New Year’s Eve

Nobody wants to spend New Year’s Eve at an emergency animal hospital, so watch your pet around these potential hazards.

Balloons

Balloons make great decorations, but they don’t make good toys for pets. Pets can get hurt or scared if they pop, and possibly choke on or swallow the pieces. Balloon ribbons can also be a problem, particularly for cats who tend to enjoy chasing them down and chewing on them. If they swallow bits of ribbon, they can suffer from vomiting or intestinal blockages.

Loud Noises

New Year’s Eve can be a pretty loud holiday with noisemakers, music, and other sounds of celebration. Unfortunately, loud noises can frighten pets and cause them to run off or hide. You might want to put your pet in a quiet room during the festivities, especially when it’s time for the big countdown to begin.​

how to prepare for holiday pet emergency _ happy jack russell terrier in a cone of shame

How to Prepare for a Holiday Emergency

While you can’t always protect your pet from holiday mishaps, there are a few things you can do to prepare for them. For instance:

  • Ask your veterinary practice about their hours over the holiday season and who you should contact if they’re closed when your pet gets hurt or sick.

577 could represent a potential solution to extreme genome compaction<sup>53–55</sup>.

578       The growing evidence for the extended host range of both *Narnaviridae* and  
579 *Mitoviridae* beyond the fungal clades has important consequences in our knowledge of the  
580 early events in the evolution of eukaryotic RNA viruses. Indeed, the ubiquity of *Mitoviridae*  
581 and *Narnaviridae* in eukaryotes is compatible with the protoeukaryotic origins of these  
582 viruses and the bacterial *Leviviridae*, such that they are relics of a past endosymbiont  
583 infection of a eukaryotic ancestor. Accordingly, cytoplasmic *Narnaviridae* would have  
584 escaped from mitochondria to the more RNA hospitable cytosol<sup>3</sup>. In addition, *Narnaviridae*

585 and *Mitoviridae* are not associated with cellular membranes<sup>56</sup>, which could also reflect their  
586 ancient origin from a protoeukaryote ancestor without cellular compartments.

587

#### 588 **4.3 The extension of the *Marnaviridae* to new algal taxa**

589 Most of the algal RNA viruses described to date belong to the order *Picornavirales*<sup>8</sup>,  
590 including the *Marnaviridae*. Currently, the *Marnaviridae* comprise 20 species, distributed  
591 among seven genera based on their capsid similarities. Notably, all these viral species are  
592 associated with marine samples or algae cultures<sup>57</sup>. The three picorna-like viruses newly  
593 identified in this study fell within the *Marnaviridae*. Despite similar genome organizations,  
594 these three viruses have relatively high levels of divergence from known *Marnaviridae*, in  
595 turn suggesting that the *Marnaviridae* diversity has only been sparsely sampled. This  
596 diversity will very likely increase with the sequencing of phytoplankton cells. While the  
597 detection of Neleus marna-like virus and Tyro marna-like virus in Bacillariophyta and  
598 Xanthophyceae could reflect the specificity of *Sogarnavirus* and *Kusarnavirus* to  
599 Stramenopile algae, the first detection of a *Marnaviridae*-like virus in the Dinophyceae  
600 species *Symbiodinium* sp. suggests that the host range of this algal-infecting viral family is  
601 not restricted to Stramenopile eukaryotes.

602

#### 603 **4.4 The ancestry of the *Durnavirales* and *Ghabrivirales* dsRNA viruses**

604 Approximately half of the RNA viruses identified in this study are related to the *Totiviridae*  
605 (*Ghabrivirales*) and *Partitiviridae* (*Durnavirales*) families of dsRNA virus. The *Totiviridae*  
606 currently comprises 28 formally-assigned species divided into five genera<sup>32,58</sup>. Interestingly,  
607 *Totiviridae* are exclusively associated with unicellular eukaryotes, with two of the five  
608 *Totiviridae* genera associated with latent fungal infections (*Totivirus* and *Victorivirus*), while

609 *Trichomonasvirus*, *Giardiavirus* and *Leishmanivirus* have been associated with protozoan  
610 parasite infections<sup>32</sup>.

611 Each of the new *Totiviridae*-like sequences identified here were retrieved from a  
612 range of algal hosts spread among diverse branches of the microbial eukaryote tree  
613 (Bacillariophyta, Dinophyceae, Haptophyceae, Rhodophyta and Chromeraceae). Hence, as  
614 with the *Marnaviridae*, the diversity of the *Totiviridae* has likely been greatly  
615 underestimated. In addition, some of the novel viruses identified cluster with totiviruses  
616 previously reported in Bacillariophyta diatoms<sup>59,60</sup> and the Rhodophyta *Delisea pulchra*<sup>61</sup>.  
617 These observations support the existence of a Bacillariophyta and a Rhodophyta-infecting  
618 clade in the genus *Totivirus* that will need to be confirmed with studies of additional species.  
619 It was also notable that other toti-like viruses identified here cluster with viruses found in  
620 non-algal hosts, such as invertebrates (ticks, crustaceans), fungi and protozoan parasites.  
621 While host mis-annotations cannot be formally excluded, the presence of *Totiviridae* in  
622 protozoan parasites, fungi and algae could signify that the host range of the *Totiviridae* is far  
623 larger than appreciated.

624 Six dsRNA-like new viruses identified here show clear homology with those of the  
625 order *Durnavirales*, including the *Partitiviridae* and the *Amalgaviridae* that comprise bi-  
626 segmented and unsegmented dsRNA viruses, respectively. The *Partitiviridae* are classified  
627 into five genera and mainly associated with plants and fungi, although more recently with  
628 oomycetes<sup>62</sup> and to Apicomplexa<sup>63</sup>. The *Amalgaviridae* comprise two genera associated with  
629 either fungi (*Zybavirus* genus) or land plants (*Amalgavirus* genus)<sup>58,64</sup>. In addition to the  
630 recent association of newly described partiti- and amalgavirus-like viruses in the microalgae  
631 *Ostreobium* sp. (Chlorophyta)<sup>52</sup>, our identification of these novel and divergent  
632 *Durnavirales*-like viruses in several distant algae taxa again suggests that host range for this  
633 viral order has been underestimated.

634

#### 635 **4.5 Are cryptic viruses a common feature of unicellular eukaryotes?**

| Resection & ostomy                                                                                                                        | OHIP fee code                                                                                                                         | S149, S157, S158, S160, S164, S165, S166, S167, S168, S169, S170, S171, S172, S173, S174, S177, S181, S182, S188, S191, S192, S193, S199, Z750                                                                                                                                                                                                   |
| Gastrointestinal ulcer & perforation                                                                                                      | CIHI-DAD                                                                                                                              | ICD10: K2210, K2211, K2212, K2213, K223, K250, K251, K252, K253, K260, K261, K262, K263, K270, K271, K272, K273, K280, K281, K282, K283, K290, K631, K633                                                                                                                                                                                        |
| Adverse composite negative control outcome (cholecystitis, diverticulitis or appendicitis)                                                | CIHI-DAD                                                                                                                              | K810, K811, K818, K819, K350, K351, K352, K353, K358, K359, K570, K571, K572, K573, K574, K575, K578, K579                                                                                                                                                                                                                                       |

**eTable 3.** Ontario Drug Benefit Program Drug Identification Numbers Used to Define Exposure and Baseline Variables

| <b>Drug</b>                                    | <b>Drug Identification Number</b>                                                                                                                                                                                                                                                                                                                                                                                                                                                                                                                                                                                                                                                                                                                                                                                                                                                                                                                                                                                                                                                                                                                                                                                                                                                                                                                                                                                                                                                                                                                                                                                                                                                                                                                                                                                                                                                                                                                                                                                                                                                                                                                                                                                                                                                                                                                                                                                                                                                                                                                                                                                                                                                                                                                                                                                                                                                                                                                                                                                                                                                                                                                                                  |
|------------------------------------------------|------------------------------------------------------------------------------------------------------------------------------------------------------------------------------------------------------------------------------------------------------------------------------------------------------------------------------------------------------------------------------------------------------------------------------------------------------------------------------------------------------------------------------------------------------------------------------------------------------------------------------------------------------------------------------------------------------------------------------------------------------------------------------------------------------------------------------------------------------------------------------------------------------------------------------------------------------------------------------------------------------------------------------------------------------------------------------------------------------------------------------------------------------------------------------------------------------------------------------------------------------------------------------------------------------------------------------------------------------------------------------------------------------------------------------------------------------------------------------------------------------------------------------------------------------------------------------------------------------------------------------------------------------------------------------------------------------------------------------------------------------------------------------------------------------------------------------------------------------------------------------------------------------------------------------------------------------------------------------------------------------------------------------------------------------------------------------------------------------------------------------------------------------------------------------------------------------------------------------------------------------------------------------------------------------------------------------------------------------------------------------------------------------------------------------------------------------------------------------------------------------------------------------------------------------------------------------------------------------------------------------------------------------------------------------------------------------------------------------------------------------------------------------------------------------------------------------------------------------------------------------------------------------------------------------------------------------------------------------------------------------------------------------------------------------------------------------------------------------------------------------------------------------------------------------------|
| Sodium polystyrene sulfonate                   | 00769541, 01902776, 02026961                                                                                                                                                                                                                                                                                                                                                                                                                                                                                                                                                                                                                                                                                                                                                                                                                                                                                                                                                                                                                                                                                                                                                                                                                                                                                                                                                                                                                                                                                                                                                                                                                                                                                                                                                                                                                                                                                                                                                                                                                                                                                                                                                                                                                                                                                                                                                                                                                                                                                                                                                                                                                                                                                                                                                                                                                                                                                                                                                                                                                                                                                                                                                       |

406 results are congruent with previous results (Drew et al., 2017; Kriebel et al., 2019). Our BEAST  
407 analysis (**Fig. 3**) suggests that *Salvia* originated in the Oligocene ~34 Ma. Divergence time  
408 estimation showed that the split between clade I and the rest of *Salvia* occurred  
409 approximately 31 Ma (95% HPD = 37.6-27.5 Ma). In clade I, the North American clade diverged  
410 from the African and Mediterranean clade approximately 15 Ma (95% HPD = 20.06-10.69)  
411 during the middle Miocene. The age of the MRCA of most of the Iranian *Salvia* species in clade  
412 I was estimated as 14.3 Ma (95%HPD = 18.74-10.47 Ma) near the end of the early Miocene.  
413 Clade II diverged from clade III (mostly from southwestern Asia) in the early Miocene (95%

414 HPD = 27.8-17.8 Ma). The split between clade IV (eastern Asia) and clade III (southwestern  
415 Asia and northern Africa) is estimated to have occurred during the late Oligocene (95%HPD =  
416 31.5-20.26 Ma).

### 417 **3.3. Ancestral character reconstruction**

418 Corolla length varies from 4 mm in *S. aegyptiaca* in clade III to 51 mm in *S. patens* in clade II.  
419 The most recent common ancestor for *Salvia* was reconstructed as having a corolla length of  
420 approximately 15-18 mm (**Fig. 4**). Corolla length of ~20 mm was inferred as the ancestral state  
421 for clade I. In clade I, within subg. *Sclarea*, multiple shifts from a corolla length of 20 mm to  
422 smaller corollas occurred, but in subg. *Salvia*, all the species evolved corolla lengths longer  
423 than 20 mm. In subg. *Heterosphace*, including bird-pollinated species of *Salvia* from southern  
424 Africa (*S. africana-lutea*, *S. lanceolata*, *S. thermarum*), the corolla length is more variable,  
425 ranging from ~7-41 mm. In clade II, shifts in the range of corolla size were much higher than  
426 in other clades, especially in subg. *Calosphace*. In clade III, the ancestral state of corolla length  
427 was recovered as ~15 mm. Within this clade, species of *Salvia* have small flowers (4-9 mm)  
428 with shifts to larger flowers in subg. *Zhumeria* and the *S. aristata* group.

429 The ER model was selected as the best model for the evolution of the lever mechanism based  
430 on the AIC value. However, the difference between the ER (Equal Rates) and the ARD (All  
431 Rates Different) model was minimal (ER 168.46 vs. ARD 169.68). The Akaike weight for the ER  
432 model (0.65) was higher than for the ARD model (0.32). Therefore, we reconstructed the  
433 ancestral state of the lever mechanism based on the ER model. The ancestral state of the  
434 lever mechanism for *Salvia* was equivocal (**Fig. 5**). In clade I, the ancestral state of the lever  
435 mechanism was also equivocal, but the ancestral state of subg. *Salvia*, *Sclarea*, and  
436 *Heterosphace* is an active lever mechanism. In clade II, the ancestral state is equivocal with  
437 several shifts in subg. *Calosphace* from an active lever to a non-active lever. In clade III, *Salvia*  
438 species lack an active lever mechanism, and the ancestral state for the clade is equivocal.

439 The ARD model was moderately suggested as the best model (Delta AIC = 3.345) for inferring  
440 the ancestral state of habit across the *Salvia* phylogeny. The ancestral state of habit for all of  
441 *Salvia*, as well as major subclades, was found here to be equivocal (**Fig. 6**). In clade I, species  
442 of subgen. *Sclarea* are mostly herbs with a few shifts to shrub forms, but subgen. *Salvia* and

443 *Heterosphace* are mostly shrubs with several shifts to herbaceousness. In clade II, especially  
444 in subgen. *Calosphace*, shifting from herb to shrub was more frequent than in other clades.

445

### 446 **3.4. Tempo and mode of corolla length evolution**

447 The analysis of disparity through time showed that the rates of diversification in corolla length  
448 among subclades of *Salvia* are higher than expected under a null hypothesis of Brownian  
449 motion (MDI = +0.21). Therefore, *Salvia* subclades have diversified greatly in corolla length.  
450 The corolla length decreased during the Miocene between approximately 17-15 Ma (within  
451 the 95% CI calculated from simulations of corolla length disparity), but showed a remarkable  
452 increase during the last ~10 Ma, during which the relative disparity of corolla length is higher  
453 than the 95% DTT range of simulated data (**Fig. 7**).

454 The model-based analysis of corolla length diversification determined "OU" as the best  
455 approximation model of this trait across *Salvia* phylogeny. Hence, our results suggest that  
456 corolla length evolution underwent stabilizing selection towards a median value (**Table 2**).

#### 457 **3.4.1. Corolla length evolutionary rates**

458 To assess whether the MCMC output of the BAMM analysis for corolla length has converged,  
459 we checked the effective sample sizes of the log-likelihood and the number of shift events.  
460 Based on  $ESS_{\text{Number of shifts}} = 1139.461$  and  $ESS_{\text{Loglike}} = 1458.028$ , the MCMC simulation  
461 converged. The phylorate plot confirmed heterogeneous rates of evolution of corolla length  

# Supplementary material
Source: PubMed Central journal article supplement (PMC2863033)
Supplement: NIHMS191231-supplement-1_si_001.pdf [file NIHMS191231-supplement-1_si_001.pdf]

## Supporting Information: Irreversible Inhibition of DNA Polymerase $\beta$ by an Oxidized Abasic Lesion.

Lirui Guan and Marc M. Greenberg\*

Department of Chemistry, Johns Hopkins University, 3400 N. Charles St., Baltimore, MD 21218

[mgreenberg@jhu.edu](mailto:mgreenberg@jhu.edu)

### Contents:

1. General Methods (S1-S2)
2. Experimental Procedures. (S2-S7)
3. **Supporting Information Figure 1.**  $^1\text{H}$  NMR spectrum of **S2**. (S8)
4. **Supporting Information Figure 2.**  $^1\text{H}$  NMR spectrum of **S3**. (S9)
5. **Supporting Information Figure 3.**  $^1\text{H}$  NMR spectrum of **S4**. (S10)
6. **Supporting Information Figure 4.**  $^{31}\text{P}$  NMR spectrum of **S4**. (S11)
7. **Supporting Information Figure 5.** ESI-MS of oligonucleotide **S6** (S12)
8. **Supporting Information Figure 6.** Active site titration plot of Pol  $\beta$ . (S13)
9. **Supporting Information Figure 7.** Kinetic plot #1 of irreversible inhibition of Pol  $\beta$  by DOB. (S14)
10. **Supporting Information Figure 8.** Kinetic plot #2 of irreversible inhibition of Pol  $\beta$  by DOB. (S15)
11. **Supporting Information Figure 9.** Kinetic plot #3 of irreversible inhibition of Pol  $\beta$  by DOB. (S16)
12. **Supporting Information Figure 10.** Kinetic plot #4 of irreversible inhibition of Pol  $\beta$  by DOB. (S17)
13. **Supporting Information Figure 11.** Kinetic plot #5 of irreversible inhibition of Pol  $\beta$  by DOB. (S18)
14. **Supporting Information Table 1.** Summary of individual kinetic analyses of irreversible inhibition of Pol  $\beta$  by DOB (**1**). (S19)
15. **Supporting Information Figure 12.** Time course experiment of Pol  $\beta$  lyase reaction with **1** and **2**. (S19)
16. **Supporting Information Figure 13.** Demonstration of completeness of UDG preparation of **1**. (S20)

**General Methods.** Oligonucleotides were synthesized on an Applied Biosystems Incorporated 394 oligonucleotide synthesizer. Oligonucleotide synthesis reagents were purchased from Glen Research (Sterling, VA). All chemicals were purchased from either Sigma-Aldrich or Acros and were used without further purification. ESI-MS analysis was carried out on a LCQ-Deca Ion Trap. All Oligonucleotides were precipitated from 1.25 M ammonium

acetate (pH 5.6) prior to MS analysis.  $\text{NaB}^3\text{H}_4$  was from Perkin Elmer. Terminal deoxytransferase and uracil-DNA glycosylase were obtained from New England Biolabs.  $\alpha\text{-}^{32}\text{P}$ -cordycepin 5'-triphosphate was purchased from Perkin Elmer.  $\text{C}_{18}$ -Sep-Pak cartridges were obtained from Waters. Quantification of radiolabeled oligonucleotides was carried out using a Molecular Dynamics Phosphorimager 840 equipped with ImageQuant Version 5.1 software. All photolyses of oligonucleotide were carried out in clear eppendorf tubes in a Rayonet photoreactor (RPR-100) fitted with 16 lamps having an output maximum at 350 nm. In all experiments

• Add the number for the ASPCA Animal Poison Control Center (APCC) to your cell phone or phone book. You can call them at 1-888-426-4435 24/7, 365 days a year, to help in case of a pet poison emergency. A $95 consultation fee may apply, but a portion is covered if you have an ASPCA Pet Health Insurance plan.
  • Keep a pet first-aid kit handy with items like gauze pads, cotton balls, and adhesive tape. You can stock yours up with help from our pet first-aid kit checklist.

The information presented in this article is for educational and informational purposes only and does not constitute or substitute for the advice of your veterinarian.